It has been a while since property developers and their supporters last came out publicly against contemporary urban planning practices, but yes, it is time to roll your eyes and mutter: “here we go again”. Rodney Dickens, posting on the popular interest.co.nz blog, takes aim at “government-imposed town planning regulations, often dubbed the ‘smart growth’ approach”. While there is nothing new here, including the supporting cast of Pavletich, McShane, et al, who are the key drivers of this line of reasoning, with a National-led government in power, we do actually have something more to fear.
Earlier this year two advisory groups were set up to give advice to the Government on issues of urban and infrastructure development in New Zealand. Fair enough. However, in the very announcement of these panels, containment of urban sprawl was set up in opposition to the productivity and economic growth of New Zealand by none other than the Minister for the Environment Nick Smith. If this is the line taken by our government advocate for environmental issues, I submit that we are probably in a very poor position. And that’s not even taking into account the false dichotomy of his argument.
It is at least comforting to see that the results of the online poll being run by interest.co.nz, show that readers of that site have a more moderate view of the issue. While a third of respondents agree that ‘smart growth’ policies are responsible for housing unaffordability, a greater proportion (almost half) agree that the policies are probably partially responsible, but that a whole lot of things are also to blame. Some of these other factors include rising population, the existence of pre-recession easy credit, and tax loopholes that favour property portfolio investments. With the government having already opted out of fixing the latter by stepping back from a comprehensive tax overhaul (despite admitting that the system is broken), its priorities have been clearly laid bare. It could even be suggested that the quality of our designed environment is being ritually sacrificed to promote the twin gods of productivity and economic growth, simply because it is in the politically-too-hard-basket to fix economic issues by addressing the economic ‘environment’.
Rodney Dickens actually has nothing new to say, which is hardly surprising given his background in economics and risk analysis, but his article is a useful flag to remind us to be wary of lying down and letting financial experts shape the designed environment. Thankfully there are some designers on the urban advisory panel, including Wellington’s own Graeme McIndoe, but this is counterbalanced by the presence of such luminaries as Arthur Grimes – chairman of the Reserve Bank Board (The Herald has a more substantial article, including a list of all panel members: here). Accusations have been made that the advisory groups have been structured in such a way as to deliver to pre-determined outcomes, but I’d suggest that pre-determined outcomes will occur, in terms of policy, regardless of what advice is provided from this process. Recent dismissal of the most salient aspects of the tax working group advice, and Simon Power’s recently revealed ignoring of Ministry of Justice criticism of the contentious ‘three-strikes law’ suggest that the current government makes a show of soliciting expert advice, and then quietly ignoring it in favour of a more populist position.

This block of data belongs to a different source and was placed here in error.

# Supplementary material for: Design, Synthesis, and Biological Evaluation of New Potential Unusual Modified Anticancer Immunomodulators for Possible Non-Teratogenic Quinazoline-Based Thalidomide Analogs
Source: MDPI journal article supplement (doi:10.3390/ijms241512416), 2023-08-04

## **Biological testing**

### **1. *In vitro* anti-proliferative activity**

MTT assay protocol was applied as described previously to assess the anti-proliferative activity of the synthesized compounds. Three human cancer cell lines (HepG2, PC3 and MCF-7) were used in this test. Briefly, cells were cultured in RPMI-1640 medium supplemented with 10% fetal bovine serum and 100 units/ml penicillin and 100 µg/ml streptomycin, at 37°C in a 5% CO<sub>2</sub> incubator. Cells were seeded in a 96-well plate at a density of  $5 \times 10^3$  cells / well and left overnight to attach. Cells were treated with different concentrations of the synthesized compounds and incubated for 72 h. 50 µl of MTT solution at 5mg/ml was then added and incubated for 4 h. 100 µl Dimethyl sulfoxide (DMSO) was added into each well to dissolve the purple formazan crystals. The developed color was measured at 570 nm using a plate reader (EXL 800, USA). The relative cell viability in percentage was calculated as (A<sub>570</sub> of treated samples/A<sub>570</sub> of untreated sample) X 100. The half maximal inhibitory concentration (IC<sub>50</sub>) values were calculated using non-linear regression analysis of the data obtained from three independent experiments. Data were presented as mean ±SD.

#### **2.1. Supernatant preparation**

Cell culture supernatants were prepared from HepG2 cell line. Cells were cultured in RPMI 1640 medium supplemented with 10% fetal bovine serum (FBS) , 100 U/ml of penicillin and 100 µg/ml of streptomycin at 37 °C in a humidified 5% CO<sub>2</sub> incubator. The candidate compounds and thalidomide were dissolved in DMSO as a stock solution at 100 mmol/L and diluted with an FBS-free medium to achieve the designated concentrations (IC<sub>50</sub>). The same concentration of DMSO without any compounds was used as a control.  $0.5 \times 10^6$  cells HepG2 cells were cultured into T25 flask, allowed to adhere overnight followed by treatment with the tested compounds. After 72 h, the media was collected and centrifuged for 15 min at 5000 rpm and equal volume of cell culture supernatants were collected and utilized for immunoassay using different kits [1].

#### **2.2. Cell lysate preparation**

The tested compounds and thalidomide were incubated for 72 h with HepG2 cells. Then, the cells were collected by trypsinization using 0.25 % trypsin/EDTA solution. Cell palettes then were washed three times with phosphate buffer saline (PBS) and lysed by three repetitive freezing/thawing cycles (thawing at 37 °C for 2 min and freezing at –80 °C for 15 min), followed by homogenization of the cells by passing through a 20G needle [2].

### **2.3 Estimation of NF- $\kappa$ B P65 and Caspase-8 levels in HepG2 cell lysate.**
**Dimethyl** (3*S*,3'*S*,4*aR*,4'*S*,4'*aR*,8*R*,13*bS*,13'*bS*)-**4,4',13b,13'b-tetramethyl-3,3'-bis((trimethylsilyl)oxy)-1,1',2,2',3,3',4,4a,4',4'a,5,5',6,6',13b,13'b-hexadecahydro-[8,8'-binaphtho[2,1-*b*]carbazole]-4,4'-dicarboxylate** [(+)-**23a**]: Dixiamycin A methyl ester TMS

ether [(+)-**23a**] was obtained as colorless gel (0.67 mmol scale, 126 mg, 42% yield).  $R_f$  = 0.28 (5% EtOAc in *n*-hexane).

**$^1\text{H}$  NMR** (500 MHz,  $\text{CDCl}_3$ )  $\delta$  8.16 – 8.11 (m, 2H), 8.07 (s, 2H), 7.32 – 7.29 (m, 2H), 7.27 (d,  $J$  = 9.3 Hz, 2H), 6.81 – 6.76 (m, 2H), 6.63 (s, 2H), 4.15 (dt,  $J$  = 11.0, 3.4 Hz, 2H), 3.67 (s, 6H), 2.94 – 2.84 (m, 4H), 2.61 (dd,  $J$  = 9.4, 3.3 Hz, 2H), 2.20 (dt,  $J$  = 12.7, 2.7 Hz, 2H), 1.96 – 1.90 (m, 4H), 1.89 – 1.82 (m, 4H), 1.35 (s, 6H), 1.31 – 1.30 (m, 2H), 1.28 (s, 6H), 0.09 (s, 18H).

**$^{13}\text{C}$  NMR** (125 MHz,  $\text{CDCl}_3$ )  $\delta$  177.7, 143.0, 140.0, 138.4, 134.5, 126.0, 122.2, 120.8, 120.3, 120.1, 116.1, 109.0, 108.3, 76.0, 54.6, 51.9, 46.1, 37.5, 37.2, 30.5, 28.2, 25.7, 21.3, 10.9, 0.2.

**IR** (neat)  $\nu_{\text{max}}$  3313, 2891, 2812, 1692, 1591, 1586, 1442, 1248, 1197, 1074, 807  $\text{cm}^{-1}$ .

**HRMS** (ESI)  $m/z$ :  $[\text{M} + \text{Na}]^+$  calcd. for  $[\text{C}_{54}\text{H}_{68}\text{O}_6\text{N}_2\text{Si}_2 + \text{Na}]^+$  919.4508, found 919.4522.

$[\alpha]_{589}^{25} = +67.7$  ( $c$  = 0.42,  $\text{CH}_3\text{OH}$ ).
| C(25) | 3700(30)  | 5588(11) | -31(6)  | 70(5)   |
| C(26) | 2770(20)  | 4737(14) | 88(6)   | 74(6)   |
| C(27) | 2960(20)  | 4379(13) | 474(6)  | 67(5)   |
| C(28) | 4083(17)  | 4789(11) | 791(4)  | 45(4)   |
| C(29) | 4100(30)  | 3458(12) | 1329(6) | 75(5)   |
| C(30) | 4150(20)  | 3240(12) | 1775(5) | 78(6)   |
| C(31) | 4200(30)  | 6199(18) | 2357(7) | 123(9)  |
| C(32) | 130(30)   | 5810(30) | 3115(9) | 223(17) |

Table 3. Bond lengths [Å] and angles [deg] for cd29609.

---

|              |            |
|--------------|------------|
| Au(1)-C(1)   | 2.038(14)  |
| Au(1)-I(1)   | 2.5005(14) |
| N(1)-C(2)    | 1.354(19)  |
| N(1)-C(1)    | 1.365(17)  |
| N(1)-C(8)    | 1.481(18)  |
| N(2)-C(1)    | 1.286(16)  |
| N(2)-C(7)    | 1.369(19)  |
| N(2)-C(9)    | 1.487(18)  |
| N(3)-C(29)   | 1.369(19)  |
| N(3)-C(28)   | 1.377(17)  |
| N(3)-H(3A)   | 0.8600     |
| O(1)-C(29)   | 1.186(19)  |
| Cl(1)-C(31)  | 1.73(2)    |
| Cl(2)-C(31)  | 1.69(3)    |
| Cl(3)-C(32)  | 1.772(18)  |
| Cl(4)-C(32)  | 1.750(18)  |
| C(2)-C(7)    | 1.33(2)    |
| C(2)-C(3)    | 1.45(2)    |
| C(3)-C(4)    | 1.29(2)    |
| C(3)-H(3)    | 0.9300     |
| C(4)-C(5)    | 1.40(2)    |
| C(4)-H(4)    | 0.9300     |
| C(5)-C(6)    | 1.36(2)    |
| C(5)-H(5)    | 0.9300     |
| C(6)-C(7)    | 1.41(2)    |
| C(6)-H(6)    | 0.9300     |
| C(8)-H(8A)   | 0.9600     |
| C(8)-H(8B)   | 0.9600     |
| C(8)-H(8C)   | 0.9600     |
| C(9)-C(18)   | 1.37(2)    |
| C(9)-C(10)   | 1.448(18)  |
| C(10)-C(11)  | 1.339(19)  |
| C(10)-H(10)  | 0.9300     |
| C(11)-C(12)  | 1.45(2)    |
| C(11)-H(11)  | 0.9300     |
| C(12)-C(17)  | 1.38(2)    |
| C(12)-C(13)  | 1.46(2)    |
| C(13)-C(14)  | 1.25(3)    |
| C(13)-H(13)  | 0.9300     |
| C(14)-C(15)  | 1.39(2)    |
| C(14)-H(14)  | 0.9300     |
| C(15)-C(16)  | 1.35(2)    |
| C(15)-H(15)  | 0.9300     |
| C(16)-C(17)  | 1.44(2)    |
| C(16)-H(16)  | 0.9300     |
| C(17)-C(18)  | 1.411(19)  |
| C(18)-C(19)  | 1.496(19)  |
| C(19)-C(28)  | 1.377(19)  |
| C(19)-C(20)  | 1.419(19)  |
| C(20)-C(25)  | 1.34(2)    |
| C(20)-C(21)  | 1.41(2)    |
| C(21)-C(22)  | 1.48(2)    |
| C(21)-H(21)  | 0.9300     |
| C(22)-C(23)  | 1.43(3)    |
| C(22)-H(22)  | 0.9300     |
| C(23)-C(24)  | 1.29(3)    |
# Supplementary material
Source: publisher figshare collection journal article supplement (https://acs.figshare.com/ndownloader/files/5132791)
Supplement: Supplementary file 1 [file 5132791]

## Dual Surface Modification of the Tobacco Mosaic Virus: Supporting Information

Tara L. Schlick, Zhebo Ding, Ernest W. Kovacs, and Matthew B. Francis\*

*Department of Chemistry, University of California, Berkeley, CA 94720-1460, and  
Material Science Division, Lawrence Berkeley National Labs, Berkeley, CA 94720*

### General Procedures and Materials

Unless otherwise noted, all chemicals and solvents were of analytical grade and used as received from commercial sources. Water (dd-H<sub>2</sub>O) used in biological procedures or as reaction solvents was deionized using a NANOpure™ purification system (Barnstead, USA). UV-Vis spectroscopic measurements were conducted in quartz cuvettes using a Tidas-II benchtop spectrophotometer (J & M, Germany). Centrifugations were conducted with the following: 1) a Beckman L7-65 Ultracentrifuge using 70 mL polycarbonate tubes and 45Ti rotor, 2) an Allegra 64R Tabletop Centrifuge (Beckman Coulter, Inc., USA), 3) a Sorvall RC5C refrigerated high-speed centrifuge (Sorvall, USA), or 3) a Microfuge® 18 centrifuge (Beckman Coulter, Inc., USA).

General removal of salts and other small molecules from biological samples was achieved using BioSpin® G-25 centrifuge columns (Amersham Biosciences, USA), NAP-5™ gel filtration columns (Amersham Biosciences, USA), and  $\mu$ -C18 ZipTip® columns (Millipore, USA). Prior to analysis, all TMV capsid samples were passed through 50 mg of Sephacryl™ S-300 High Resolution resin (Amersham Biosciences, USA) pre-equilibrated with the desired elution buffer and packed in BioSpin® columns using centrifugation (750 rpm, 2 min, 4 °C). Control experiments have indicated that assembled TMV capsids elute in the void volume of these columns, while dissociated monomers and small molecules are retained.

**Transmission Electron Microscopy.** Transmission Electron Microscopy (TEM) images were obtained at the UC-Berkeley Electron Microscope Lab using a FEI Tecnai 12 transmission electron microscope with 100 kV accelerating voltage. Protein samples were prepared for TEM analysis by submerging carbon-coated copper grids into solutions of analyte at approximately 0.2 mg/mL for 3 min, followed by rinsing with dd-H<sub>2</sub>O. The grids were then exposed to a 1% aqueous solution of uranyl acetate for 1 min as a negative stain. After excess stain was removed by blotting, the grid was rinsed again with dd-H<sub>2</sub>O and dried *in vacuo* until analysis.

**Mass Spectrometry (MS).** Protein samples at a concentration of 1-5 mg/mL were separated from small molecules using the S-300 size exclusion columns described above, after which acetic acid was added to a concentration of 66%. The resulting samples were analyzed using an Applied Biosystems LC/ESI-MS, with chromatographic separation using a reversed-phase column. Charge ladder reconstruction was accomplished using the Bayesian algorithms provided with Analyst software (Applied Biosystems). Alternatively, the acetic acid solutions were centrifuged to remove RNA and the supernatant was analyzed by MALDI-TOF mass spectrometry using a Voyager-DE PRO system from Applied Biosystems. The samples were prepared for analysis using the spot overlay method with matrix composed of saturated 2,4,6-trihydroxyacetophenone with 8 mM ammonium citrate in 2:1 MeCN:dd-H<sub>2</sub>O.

Much of this government’s first term has been defined by the ‘swallowing of the dead rats’ of popular Labour policy initiatives. But some shifts in key policy areas, such as the relaxing of RMA regulations, are beginning to emerge which hint at a more significant move to right wing policy in the inevitable second term. This is, perhaps, just as it should be in the great scheme of things, but it would be rather sad to have our environments dictated only by the concerns of economics as an artefact of that process.